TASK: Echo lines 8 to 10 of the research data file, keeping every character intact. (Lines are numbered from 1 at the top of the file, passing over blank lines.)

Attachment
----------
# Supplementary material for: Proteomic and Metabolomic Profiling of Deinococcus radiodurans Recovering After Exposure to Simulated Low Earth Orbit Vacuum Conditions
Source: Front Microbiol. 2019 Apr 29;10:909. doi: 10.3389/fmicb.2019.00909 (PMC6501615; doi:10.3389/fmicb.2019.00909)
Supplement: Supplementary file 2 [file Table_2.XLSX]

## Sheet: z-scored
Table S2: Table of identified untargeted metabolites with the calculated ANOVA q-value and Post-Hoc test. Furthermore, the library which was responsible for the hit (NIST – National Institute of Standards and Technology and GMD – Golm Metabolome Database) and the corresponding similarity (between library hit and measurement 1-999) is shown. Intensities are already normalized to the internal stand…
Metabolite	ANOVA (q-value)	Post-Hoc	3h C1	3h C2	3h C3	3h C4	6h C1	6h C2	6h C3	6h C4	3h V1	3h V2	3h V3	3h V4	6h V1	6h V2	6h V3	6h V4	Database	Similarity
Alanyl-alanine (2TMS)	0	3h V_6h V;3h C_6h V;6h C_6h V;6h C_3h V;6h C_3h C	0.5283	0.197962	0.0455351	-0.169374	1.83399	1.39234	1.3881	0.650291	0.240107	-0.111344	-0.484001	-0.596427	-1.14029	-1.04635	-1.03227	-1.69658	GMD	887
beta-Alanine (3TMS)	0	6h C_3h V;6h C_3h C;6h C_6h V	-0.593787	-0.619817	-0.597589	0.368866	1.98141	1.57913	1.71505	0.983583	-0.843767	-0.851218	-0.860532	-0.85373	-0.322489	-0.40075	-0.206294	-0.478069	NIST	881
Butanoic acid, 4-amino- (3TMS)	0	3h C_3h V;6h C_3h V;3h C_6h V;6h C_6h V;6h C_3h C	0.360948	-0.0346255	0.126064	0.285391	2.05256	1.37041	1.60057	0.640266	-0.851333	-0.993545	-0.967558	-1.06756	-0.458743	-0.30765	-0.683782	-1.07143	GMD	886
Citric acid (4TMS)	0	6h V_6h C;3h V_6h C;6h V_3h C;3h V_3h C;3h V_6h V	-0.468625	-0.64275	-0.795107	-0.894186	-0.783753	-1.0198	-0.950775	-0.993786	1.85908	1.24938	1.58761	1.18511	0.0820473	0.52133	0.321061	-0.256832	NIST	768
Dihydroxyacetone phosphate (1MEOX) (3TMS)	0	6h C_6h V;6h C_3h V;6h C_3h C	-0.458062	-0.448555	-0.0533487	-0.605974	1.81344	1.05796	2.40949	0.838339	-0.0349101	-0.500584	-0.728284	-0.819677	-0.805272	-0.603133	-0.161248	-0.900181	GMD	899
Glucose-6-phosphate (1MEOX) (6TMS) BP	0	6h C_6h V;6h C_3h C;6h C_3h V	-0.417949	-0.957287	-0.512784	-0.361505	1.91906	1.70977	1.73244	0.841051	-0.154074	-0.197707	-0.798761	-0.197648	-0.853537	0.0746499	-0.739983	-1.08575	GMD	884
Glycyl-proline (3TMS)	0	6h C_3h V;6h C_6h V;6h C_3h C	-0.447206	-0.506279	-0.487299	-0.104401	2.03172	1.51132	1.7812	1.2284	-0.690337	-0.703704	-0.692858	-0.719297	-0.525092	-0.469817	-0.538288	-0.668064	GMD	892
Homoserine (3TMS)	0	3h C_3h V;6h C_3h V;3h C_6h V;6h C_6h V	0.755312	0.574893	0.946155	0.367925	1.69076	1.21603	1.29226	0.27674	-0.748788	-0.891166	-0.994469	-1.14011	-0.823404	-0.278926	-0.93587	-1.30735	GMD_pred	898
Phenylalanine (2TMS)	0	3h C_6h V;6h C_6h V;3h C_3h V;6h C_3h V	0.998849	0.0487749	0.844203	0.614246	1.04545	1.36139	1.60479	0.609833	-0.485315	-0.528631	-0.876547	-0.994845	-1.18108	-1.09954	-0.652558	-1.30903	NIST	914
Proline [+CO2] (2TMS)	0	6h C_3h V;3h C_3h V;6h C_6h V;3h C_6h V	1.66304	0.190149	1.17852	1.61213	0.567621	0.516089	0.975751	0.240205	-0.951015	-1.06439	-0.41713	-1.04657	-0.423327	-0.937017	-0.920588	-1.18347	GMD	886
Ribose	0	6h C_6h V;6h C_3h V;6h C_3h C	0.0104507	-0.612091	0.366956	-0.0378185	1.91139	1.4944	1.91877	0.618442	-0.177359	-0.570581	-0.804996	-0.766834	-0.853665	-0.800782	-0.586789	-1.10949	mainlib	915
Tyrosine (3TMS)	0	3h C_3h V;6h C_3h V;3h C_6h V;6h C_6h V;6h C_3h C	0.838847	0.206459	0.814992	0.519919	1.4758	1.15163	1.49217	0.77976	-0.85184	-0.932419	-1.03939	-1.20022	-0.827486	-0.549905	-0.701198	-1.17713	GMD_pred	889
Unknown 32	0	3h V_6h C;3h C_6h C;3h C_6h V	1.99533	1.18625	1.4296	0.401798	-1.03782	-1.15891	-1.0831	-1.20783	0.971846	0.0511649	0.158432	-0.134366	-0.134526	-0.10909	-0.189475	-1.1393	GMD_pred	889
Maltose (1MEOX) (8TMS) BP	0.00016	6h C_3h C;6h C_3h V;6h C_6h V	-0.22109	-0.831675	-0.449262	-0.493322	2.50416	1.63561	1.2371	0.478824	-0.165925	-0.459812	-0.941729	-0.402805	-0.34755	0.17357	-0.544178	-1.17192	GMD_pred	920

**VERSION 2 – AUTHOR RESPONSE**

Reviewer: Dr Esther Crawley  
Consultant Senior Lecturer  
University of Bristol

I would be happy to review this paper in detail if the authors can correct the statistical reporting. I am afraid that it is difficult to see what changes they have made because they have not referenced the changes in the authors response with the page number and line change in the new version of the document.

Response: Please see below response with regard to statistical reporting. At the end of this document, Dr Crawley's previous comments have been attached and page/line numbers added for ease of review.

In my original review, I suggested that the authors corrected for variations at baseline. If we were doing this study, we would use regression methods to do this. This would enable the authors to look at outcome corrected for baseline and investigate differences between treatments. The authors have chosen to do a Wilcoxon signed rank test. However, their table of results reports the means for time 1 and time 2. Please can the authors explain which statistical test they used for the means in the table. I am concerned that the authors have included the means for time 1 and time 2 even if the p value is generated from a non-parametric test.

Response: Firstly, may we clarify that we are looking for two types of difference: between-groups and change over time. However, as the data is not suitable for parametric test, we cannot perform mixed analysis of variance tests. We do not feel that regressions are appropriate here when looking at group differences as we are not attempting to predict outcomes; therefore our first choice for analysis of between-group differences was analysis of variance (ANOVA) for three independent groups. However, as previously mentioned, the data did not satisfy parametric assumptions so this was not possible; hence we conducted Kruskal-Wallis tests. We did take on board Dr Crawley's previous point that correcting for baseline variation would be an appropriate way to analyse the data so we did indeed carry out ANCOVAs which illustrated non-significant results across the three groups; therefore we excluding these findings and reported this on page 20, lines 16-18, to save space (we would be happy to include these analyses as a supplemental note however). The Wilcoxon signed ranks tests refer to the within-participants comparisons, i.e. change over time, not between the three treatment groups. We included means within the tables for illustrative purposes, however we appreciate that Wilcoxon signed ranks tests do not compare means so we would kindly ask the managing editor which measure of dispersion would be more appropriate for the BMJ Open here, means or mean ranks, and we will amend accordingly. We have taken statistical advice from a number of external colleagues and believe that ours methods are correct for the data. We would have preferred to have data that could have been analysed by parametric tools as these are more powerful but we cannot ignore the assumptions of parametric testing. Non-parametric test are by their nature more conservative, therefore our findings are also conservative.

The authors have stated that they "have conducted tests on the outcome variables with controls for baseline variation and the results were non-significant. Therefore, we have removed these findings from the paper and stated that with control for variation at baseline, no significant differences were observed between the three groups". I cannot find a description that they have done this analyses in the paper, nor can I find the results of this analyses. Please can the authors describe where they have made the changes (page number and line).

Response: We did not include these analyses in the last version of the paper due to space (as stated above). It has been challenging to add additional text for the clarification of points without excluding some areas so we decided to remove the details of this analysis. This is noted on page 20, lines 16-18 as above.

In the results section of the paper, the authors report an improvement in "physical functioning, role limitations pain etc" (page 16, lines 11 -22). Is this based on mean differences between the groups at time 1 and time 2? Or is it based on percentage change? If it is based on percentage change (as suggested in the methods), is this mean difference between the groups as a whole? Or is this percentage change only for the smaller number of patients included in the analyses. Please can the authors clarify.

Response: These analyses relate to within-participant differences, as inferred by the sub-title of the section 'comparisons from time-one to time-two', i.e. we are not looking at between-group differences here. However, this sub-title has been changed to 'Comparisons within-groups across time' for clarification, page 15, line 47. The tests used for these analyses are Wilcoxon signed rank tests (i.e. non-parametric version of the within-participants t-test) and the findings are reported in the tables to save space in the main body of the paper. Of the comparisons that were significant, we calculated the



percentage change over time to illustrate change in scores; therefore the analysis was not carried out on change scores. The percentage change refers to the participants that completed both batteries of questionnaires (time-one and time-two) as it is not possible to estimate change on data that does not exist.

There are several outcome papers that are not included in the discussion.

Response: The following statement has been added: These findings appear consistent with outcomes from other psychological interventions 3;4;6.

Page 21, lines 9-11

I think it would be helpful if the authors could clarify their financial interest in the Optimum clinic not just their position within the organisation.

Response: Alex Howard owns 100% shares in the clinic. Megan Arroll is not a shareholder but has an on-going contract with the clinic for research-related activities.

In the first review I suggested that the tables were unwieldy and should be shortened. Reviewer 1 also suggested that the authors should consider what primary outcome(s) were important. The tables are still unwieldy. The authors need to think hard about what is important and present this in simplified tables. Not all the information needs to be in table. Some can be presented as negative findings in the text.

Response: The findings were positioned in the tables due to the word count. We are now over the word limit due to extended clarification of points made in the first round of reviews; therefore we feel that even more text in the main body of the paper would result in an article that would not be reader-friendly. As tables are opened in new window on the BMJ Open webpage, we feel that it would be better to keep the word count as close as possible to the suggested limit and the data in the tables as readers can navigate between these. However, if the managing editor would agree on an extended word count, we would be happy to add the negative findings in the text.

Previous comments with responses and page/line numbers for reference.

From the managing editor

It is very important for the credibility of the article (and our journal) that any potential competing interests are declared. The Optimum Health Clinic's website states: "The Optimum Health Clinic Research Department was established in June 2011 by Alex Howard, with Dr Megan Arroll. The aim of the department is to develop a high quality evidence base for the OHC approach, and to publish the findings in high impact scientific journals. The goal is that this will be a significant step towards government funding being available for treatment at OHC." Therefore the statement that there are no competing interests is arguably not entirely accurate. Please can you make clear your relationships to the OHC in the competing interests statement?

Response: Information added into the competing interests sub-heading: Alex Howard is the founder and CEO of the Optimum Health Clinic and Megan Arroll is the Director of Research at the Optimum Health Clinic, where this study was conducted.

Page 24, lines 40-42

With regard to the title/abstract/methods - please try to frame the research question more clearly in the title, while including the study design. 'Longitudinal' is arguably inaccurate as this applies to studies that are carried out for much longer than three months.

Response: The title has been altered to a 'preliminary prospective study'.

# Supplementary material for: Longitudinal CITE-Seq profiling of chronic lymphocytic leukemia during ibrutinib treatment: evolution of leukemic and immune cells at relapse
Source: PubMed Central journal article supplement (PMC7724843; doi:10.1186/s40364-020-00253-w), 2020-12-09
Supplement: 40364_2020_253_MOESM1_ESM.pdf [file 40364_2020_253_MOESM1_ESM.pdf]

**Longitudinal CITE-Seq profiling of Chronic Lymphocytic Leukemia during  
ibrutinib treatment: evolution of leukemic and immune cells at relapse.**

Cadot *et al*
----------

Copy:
beta-Alanine (3TMS)	0	6h C_3h V;6h C_3h C;6h C_6h V	-0.593787	-0.619817	-0.597589	0.368866	1.98141	1.57913	1.71505	0.983583	-0.843767	-0.851218	-0.860532	-0.85373	-0.322489	-0.40075	-0.206294	-0.478069	NIST	881
Butanoic acid, 4-amino- (3TMS)	0	3h C_3h V;6h C_3h V;3h C_6h V;6h C_6h V;6h C_3h C	0.360948	-0.0346255	0.126064	0.285391	2.05256	1.37041	1.60057	0.640266	-0.851333	-0.993545	-0.967558	-1.06756	-0.458743	-0.30765	-0.683782	-1.07143	GMD	886
Citric acid (4TMS)	0	6h V_6h C;3h V_6h C;6h V_3h C;3h V_3h C;3h V_6h V	-0.468625	-0.64275	-0.795107	-0.894186	-0.783753	-1.0198	-0.950775	-0.993786	1.85908	1.24938	1.58761	1.18511	0.0820473	0.52133	0.321061	-0.256832	NIST	768